It is something of a relief, having looked last month at his critics, to turn this time to Tolkien’s many admirers. It would not be true to say that there was no such thing as epic fantasy before Tolkien: there was a tradition of English and Irish writers before him, such as E R Eddison and Lord Dunsany, and a parallel tradition also of American writers appearing in pulp-magazines such as Weird Tales and Unknown. The Lord of the Rings however altered reading tastes rapidly and lastingly. Several hundred English-language fantasy novels are currently being published annually. The influence of Tolkien on them is often apparent from their titles – Guardians of the West (David Eddings), The Fellowship of the Talisman (Clifford D Simak), The Halfling’s Gem (R A Salvatore) and so on, to name just a few. Most writers do better at concealing their literary ancestry, but the first works even of authors who have found their own highly distinctive voices, like Stephen Donaldson or Alan Garner, habitually betray deep Tolkienian influence. Terry Pratchett, whose works have now been reliable best-sellers for almost forty years, began with what is obviously in part an affectionate parody of Tolkien, The Colour of Magic. Tolkien furthermore provided much of the inspiration, the personnel and the material, for early fantasy games and for role-playing games of the Dungeons & Dragons type. Spin-offs from these into computer games are still developing and multiplying. Middle-earth has become a cultural phenomenon, a part of many people’s mental furniture. Any full study of Tolkien’s legacy would have to be at least book-length – and will not be attempted here – but there is some interest in recording what at least a few of his most evident emulators have found most inspirational in Tolkien.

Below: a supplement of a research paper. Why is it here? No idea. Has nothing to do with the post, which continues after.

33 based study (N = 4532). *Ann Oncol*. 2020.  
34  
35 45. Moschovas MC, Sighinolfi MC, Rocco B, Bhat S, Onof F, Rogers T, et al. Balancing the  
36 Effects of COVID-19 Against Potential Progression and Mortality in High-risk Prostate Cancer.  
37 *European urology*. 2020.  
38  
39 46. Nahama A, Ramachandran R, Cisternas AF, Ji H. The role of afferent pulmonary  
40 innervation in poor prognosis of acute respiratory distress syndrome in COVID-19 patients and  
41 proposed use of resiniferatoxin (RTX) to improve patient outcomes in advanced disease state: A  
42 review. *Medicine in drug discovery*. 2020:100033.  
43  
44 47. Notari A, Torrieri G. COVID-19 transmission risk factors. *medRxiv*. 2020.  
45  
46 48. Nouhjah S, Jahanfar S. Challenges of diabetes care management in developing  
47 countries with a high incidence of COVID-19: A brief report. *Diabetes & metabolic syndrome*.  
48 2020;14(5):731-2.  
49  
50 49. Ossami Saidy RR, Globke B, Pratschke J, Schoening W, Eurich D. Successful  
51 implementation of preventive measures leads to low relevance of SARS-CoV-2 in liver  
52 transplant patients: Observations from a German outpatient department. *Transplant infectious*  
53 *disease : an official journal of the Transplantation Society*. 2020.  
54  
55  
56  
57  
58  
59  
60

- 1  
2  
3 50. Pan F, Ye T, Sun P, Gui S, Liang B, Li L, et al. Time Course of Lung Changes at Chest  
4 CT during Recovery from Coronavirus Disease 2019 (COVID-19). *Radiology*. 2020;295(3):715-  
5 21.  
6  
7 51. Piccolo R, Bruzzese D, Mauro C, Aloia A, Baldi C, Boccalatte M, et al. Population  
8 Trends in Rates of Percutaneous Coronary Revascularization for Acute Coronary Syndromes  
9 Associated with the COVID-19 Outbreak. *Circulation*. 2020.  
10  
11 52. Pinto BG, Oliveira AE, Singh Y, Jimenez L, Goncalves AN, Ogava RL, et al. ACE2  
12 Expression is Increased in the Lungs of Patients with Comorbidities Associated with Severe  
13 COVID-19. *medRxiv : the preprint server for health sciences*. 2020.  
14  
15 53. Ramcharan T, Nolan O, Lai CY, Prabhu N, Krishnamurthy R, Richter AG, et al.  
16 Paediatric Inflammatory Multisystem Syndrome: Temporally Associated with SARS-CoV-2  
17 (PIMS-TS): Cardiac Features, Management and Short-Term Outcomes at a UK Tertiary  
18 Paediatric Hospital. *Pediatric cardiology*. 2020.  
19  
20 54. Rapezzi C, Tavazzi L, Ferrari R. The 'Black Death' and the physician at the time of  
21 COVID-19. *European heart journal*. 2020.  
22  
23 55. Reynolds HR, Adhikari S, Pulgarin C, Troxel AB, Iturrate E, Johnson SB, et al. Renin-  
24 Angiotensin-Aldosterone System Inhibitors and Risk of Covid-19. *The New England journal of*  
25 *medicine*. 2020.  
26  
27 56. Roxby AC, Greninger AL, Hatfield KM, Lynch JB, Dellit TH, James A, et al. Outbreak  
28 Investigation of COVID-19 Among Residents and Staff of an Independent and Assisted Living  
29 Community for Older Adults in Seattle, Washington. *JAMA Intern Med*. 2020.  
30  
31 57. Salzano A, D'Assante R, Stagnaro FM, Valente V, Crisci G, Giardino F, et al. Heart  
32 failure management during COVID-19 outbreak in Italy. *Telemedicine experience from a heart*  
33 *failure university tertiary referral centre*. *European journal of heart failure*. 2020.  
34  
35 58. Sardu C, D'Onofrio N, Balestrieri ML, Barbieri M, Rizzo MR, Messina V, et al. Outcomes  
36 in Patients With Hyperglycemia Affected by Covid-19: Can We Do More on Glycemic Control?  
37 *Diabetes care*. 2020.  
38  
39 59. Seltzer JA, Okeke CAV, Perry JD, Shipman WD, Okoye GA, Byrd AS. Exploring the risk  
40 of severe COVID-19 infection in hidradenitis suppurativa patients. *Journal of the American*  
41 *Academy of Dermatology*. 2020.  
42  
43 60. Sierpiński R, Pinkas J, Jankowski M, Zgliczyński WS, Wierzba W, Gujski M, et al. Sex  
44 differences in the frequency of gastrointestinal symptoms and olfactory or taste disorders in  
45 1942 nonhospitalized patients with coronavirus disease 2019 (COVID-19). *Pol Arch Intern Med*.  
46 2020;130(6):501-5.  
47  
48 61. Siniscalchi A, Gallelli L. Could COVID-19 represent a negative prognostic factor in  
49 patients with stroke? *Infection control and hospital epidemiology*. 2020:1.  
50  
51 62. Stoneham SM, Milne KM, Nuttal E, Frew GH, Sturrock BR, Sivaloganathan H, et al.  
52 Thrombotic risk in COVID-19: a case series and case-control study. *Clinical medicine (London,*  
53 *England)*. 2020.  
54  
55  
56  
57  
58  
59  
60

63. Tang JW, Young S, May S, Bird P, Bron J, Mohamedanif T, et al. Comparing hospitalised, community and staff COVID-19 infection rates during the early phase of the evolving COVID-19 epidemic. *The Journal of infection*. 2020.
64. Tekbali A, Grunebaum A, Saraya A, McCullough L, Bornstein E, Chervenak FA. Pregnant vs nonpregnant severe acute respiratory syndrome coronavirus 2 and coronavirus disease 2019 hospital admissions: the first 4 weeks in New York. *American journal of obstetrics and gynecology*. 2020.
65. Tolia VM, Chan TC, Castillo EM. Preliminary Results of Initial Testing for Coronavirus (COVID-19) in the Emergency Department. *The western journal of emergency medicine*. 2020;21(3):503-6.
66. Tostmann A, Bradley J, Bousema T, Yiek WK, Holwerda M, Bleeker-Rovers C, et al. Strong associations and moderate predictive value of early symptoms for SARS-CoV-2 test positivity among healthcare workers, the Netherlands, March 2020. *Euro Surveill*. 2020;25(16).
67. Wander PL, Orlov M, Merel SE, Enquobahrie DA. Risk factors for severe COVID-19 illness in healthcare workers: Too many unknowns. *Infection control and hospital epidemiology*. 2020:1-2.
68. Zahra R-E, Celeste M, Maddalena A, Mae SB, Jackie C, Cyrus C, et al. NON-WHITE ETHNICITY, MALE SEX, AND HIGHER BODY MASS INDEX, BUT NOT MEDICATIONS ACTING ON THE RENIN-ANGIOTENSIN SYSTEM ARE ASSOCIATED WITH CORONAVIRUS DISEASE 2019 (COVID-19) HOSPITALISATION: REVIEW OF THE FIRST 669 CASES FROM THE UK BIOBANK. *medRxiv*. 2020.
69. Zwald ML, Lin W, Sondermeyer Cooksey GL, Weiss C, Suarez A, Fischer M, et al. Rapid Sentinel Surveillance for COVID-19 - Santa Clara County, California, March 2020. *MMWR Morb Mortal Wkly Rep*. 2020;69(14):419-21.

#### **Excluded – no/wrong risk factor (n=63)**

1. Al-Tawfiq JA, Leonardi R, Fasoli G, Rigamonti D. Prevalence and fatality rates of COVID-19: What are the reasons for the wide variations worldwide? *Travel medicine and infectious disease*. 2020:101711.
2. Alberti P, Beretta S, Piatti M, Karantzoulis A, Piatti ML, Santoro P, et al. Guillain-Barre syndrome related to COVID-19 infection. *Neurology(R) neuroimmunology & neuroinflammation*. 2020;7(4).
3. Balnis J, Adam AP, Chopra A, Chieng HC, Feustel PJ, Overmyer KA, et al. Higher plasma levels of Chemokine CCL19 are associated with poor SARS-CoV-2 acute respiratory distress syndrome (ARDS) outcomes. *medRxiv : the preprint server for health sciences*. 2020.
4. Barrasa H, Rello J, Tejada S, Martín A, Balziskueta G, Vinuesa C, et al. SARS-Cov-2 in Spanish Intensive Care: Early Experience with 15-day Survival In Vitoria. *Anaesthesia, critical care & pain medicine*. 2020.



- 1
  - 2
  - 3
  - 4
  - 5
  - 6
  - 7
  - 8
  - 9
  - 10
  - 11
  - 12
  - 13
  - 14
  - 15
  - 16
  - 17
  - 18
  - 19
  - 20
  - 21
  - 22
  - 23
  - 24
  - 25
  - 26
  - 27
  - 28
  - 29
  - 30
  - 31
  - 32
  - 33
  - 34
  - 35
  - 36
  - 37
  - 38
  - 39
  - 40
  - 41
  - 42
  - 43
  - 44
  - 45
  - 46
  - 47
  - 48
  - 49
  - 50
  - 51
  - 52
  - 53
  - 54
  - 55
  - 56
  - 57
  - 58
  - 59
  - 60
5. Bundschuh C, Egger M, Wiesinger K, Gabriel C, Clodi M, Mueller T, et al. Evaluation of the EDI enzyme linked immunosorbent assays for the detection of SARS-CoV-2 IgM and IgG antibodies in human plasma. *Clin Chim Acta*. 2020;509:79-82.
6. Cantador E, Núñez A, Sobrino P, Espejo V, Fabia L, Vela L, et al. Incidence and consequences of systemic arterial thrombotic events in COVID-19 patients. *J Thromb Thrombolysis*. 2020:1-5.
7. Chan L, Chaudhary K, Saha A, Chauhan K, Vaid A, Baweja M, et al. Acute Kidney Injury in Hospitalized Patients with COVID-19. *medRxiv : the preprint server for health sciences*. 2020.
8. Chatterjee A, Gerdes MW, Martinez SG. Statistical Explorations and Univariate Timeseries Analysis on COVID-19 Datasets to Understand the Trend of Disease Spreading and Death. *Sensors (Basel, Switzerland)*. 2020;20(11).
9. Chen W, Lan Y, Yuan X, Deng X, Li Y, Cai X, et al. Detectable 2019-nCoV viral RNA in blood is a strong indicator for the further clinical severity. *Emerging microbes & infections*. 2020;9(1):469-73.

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Tolkien: The Monsters and the Critics

24 Sep